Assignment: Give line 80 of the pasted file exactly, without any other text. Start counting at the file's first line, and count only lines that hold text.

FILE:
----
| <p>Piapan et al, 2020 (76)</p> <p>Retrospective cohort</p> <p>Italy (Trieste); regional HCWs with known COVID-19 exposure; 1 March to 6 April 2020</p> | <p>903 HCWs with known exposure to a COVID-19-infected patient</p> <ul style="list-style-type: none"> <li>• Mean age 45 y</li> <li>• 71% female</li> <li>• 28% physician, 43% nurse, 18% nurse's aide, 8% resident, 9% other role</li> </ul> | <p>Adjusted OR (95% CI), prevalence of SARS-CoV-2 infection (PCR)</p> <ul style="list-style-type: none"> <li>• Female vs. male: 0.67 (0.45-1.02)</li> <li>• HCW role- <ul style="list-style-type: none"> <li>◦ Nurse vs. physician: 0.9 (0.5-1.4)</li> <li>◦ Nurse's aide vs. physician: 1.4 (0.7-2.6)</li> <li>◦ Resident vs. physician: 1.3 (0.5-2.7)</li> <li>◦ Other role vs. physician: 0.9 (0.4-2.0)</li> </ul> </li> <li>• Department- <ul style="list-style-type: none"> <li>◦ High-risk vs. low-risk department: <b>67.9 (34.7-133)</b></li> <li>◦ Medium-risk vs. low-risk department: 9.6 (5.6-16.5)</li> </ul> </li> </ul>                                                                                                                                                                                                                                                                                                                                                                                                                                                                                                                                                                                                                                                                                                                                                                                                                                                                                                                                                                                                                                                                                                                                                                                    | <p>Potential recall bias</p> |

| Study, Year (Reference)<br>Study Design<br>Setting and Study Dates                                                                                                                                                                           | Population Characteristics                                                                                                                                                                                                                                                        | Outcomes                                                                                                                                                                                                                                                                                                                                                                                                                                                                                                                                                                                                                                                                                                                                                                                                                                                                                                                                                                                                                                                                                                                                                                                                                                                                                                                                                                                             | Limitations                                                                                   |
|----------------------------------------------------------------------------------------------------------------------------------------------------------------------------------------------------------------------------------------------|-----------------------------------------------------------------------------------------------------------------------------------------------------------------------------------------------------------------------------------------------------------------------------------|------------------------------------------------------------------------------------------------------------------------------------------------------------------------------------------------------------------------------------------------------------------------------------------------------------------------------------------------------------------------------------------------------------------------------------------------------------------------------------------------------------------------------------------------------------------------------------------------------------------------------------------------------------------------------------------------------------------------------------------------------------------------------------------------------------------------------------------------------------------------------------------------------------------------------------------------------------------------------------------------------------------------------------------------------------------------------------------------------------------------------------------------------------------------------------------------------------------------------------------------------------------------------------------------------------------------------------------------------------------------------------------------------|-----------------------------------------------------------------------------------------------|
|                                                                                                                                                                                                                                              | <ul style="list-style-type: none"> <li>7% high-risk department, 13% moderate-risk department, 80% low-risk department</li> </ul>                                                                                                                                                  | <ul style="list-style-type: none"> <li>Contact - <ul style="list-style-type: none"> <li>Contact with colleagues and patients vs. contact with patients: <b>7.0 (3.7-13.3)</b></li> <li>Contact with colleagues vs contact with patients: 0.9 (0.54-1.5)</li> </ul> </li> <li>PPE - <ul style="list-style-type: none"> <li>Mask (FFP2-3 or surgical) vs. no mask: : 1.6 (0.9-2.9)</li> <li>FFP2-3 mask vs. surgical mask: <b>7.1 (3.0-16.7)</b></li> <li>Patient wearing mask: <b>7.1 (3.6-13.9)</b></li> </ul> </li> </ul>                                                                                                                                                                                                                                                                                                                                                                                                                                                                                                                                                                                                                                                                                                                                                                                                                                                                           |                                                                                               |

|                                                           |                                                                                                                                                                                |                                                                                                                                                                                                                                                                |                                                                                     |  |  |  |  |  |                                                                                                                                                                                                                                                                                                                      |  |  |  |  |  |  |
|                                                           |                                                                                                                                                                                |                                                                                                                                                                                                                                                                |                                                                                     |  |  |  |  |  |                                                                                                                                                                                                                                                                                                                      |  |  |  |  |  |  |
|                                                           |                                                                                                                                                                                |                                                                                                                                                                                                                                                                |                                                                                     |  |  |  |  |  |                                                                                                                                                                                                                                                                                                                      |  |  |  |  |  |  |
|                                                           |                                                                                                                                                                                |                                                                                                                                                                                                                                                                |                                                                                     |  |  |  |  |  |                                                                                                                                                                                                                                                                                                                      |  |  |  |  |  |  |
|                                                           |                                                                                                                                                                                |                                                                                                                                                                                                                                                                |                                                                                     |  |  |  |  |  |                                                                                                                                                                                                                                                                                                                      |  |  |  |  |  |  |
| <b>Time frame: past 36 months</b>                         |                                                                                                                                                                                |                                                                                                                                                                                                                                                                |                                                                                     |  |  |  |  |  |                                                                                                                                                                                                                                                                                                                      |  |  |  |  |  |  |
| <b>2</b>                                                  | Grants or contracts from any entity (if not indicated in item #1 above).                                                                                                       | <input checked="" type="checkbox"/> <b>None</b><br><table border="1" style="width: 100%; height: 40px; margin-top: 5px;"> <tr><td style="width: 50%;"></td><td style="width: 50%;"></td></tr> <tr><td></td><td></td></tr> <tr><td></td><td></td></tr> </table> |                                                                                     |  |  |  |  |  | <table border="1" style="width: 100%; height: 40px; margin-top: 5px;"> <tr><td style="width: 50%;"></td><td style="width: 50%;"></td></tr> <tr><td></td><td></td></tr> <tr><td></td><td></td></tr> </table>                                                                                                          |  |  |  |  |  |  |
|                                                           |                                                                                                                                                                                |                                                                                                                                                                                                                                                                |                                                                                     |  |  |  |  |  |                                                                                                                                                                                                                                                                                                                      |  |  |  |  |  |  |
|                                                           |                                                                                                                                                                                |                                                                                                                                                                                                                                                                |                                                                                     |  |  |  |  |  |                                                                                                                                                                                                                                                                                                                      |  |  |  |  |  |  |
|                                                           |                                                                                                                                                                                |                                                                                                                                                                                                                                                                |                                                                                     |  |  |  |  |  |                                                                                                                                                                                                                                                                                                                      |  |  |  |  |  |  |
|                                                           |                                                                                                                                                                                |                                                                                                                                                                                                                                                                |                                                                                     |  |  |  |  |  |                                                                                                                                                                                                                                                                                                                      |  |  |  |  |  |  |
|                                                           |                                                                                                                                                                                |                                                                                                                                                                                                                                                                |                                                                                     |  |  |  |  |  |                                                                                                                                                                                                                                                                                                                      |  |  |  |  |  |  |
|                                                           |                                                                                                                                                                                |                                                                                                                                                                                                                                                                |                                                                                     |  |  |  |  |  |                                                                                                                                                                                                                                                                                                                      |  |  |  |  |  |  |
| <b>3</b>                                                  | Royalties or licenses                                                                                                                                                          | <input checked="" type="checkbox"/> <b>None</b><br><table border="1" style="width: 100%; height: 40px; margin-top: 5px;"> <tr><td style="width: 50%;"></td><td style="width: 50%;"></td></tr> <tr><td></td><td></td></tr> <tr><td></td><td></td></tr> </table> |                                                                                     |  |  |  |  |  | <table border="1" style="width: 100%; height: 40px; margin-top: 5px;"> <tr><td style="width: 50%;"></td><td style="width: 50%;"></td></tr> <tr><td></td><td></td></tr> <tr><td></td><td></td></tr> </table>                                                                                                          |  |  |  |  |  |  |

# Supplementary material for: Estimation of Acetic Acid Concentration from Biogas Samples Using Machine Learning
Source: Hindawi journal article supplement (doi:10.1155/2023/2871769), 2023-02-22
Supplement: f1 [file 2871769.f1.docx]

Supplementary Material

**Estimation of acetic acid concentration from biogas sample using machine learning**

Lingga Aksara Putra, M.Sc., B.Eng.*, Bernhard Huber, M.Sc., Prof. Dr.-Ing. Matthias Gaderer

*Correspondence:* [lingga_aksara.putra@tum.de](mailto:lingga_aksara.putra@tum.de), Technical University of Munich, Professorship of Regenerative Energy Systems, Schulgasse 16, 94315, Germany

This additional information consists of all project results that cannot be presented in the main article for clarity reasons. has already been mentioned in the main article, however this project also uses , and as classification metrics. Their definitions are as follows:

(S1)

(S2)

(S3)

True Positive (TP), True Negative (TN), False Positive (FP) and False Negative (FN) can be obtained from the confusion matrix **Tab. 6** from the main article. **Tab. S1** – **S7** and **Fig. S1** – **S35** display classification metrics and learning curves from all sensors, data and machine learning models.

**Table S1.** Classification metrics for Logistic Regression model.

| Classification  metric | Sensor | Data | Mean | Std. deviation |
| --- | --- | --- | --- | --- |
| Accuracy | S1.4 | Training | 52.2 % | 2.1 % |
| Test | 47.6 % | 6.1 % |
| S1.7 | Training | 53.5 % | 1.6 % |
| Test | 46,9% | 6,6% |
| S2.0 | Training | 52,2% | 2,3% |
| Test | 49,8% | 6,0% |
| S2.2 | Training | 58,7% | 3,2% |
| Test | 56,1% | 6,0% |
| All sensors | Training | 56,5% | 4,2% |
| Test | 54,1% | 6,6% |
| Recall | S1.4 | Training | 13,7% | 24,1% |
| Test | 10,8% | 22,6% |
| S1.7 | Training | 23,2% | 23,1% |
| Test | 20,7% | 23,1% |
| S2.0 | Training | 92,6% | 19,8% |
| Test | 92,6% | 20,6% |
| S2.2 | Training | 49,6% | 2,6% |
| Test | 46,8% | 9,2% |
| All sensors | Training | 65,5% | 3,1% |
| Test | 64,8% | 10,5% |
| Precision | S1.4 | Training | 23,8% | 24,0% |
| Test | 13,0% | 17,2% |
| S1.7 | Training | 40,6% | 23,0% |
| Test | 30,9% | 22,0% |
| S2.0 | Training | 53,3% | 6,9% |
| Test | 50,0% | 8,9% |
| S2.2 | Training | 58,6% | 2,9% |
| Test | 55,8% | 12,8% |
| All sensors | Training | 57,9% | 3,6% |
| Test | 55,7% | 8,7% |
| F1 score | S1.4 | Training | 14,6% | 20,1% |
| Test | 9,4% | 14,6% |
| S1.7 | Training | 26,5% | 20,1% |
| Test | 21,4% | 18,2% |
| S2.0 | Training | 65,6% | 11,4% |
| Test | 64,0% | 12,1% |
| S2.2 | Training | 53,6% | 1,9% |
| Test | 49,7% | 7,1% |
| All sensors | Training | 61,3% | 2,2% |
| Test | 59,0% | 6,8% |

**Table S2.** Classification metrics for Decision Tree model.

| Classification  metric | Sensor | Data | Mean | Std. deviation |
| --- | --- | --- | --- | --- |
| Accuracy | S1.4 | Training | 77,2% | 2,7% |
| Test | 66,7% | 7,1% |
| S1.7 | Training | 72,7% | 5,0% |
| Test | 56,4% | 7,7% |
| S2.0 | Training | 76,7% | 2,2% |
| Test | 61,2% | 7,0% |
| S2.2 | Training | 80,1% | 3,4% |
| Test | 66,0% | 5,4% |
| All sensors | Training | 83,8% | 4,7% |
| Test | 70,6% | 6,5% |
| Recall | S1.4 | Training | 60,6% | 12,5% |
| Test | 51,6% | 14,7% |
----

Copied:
| Test | 56,4% | 7,7% |